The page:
souls, and to our society. You are sharing intimacy that can’t hold its own
weight. You are doing a trust fall with no one to catch you. Sin and our
culture have taught us sex is about us and getting our desires met. God’s word
tells us sex is about a lifelong commitment of accepting and supporting all of
someone else. No matter how unpopular it gets, God’s word will remain our guide
for finding true life and true freedom in understanding how we are to view sex,
ourselves, and the men and women we share this world with.
No sex in heaven? Many might ask what the other options are at this point!
One of the reasons this news shocks us is because we view sex and heaven selfishly. Culturally, sex has become a selfish act of consumption. And our view of heaven is typically a place of self-centered utopia. We picture beaches and paradise and all the pleasure for ourselves that we can dream of, often not with much thought about God being around at all. This me-centered paradise is a great match for lots of sex for all of eternity. In fact, several of the main world religions promise this (maybe a clue that those religions were made up by a man? But I digress…)
But thank goodness that’s not what heaven, or sex, is meant to be according to the Bible.
Sex is a one-flesh relationship that bonds a man and a woman together in every way possible. It’s why this one-flesh relationship can only function healthily within marriage. The one-flesh bond includes full acceptance and commitment to all a person is, not simply their body parts (Genesis 2:24, Matthew 19:4-6, 1 Corinthians 6:15-16). You are one flesh, at all times, in all ways, which can’t be undone.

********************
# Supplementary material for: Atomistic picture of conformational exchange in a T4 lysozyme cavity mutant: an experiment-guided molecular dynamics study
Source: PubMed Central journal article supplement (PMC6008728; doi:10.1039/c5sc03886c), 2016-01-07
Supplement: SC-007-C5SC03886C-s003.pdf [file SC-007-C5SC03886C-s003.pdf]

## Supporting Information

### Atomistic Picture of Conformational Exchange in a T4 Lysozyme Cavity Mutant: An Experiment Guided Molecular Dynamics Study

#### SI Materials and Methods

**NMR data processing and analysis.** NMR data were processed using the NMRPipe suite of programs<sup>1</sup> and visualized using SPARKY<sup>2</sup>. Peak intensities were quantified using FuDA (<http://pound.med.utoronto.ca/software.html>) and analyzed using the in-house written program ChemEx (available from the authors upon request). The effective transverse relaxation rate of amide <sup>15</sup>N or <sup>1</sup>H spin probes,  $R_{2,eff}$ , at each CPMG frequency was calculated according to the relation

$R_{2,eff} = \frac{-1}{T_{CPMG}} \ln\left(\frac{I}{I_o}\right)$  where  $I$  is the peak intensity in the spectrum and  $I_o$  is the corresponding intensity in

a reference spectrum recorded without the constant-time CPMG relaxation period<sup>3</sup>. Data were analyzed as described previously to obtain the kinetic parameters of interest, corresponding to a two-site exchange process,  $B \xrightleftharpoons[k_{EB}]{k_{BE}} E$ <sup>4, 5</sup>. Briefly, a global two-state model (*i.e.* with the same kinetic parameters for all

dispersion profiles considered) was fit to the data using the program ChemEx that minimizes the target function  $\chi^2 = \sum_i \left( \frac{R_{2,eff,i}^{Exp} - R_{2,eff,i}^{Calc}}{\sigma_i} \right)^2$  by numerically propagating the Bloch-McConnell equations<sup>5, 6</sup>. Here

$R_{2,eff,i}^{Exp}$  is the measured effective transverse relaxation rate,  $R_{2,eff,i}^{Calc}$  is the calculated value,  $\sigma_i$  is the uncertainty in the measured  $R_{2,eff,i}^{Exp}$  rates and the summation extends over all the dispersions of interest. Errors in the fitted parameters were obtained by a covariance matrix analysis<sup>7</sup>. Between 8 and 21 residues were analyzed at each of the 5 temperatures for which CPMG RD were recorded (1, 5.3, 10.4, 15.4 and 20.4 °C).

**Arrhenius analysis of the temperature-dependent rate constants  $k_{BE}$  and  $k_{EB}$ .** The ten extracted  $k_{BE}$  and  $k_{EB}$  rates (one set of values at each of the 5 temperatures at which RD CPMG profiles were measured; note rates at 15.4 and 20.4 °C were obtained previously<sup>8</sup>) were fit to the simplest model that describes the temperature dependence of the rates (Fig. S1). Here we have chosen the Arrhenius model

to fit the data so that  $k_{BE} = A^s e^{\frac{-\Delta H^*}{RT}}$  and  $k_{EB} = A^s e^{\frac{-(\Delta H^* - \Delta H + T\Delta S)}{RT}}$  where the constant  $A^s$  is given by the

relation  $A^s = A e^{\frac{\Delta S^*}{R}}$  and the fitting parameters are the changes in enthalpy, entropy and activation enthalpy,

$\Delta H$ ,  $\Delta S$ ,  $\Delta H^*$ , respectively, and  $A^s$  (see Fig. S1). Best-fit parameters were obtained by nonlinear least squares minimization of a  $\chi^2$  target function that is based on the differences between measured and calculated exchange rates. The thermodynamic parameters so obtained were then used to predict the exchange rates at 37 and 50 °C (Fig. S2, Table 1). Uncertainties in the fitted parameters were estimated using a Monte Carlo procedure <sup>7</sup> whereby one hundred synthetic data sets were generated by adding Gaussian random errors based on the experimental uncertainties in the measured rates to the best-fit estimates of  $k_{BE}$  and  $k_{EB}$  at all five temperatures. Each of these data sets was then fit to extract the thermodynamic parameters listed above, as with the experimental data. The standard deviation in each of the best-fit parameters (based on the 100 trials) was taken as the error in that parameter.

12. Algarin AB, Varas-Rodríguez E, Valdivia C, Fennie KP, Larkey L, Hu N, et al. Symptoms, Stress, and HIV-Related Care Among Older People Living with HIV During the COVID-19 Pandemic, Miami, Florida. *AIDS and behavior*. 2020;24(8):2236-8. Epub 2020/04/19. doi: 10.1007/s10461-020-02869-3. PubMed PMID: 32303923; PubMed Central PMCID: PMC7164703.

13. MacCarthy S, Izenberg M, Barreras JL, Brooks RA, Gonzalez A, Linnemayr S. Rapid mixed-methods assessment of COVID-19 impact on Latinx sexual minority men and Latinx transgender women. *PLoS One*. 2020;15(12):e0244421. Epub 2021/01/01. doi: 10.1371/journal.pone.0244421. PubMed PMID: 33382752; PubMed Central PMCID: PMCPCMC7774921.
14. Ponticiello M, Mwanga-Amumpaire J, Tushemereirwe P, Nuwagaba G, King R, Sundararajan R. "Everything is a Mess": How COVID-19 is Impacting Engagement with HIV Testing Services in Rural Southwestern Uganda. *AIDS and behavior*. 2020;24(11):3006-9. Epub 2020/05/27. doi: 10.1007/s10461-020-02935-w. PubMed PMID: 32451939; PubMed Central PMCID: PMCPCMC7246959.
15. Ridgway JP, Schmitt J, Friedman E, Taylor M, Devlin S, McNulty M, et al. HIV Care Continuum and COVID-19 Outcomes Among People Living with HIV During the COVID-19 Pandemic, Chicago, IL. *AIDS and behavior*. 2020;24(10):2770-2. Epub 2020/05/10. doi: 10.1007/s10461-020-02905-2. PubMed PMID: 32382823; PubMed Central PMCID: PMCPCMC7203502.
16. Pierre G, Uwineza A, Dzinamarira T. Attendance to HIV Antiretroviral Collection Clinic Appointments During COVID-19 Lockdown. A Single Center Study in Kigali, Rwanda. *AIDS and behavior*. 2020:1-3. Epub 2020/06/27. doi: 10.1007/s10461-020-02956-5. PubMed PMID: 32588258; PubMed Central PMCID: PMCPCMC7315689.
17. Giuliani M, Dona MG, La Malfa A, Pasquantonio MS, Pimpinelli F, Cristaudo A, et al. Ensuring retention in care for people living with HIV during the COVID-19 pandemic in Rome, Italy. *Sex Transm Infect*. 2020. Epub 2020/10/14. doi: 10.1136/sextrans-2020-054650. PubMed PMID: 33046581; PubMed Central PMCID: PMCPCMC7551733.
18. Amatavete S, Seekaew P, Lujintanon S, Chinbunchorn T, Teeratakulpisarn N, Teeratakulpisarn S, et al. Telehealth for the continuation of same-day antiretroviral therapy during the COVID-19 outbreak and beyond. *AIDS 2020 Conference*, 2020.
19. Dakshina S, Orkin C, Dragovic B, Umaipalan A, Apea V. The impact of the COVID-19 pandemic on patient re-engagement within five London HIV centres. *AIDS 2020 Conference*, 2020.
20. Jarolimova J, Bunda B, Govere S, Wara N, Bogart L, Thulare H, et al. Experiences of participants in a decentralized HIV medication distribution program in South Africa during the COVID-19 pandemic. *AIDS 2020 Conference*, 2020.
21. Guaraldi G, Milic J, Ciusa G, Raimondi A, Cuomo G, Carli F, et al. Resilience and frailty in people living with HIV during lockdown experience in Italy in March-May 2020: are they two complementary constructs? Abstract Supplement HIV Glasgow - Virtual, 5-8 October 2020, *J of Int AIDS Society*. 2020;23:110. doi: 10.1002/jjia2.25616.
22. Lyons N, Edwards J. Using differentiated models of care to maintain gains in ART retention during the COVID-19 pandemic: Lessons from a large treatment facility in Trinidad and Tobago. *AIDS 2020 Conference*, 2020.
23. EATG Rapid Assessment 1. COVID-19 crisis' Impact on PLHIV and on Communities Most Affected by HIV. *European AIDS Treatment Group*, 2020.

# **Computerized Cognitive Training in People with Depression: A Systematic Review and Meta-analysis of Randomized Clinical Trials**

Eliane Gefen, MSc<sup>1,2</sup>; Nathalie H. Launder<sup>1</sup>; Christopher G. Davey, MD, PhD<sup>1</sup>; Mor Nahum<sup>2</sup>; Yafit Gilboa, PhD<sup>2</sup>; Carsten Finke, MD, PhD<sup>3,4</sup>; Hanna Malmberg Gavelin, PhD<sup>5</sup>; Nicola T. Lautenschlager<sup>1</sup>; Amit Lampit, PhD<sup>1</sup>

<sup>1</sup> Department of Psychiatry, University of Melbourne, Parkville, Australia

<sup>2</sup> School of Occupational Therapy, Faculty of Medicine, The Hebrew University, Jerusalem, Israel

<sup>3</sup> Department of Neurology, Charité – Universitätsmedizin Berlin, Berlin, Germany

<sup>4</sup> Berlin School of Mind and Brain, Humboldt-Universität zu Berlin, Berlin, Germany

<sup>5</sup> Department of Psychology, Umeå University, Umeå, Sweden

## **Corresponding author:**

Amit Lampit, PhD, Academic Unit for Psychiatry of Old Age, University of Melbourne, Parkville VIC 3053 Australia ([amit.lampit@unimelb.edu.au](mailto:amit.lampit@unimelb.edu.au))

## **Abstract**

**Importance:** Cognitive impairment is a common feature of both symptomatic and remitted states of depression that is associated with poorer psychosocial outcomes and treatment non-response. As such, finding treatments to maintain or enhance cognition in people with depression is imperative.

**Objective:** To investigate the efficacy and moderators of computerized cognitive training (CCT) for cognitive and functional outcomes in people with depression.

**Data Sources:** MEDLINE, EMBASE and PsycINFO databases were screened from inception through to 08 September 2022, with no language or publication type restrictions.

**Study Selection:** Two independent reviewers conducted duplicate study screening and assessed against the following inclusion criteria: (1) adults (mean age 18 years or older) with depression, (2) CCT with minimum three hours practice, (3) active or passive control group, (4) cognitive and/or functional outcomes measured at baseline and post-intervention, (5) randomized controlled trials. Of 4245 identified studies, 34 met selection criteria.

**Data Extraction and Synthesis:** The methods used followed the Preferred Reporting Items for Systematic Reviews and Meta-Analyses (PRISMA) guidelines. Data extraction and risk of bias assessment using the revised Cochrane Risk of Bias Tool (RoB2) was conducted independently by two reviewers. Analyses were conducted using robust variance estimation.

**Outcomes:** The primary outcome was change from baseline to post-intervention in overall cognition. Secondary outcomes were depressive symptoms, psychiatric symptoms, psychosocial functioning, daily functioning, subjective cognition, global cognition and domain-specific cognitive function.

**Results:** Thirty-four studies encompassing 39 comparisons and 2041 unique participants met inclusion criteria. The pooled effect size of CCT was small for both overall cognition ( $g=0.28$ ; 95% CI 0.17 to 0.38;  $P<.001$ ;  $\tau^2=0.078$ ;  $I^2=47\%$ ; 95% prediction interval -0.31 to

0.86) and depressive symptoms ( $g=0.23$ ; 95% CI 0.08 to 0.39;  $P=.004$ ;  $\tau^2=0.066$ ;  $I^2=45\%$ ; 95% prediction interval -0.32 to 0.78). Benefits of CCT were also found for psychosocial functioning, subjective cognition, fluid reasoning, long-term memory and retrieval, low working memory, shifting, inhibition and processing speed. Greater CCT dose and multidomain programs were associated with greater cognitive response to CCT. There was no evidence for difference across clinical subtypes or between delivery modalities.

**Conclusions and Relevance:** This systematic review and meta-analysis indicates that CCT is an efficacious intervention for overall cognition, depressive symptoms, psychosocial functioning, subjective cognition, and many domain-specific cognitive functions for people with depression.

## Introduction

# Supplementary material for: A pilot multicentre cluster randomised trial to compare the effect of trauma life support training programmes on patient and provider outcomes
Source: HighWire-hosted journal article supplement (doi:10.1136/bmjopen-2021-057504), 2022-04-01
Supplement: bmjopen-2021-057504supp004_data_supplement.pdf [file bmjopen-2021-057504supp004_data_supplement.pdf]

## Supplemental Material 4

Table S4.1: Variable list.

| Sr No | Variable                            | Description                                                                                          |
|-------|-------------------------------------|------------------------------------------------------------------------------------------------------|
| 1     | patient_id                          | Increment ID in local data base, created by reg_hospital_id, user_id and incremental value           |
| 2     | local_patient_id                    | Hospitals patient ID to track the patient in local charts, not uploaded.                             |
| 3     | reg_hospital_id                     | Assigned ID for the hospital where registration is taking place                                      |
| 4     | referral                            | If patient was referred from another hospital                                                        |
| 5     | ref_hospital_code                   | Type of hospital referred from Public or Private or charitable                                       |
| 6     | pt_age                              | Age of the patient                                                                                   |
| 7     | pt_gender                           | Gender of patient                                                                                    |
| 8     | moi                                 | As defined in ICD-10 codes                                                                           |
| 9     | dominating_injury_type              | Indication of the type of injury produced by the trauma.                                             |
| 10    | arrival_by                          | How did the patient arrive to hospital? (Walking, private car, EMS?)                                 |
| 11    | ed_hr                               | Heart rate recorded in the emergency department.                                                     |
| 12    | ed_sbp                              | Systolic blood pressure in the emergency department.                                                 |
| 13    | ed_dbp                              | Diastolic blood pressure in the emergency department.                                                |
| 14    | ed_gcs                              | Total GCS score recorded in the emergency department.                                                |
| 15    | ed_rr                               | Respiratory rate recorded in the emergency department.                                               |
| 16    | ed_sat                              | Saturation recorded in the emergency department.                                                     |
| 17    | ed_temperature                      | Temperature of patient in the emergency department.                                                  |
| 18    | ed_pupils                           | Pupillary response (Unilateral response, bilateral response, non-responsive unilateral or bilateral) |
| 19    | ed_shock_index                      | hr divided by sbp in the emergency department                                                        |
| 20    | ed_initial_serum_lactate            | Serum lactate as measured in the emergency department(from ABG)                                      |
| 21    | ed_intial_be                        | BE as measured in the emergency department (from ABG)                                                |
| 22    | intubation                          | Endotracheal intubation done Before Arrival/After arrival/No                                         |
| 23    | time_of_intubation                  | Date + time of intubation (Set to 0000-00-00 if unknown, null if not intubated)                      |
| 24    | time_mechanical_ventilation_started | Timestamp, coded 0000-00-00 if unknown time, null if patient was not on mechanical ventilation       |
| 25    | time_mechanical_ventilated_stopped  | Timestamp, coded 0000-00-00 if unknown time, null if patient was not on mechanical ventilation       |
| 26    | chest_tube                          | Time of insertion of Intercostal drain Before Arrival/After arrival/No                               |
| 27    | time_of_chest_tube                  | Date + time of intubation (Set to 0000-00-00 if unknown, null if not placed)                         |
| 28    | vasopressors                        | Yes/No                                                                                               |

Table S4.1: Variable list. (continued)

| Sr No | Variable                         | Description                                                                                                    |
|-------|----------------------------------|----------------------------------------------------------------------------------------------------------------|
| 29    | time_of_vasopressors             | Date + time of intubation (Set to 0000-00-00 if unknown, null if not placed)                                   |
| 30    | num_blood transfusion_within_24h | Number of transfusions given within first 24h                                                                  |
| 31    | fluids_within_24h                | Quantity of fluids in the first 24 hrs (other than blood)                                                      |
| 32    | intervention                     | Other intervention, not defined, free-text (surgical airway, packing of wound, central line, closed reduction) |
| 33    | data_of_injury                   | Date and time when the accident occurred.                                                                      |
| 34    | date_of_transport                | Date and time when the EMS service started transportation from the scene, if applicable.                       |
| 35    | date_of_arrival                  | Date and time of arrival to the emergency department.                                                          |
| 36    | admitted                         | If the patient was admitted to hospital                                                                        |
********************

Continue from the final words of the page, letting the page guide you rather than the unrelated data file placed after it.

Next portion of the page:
This sounds pretty amazing, and deep, and night-and-day different from what our culture calls “sex” today. But there’s more. This sex and this one flesh don’t exist for their own end. They aren’t the destination, they are simply another sign post. A sign post pointing to where?
What Sex Really Points To
After giving a treatise on marriage and sex, Ephesians 5 concludes with the following:
“’For this reason a man will leave his father and mother and be united to his wife, and the two will become one flesh.’ This is a profound mystery—but I am talking about Christ and the church” (Ephesians 5:31-32).
Heyo! The whole time Paul was talking about husbands and wives and marriage and sex in Ephesians 5, it says here he was actually talking about Jesus and us! Marriage and sex are metaphors for the relationship we have with Jesus.
What is a metaphor? It is a sign post. It points to the real thing. It’s something tangible we can look at in order to understand something else. It’s a symbol we can learn from in order to understand and experience the real thing.
The real thing is the one-flesh relationship Jesus desires to have with each of us. It’s the relationship he has with those who call themselves Christians. It’s a relationship of intimate love and acceptance and support and trust, where Jesus is the groom and we are the bride. Earthly marriage and sex are symbols that can help point us toward the real thing.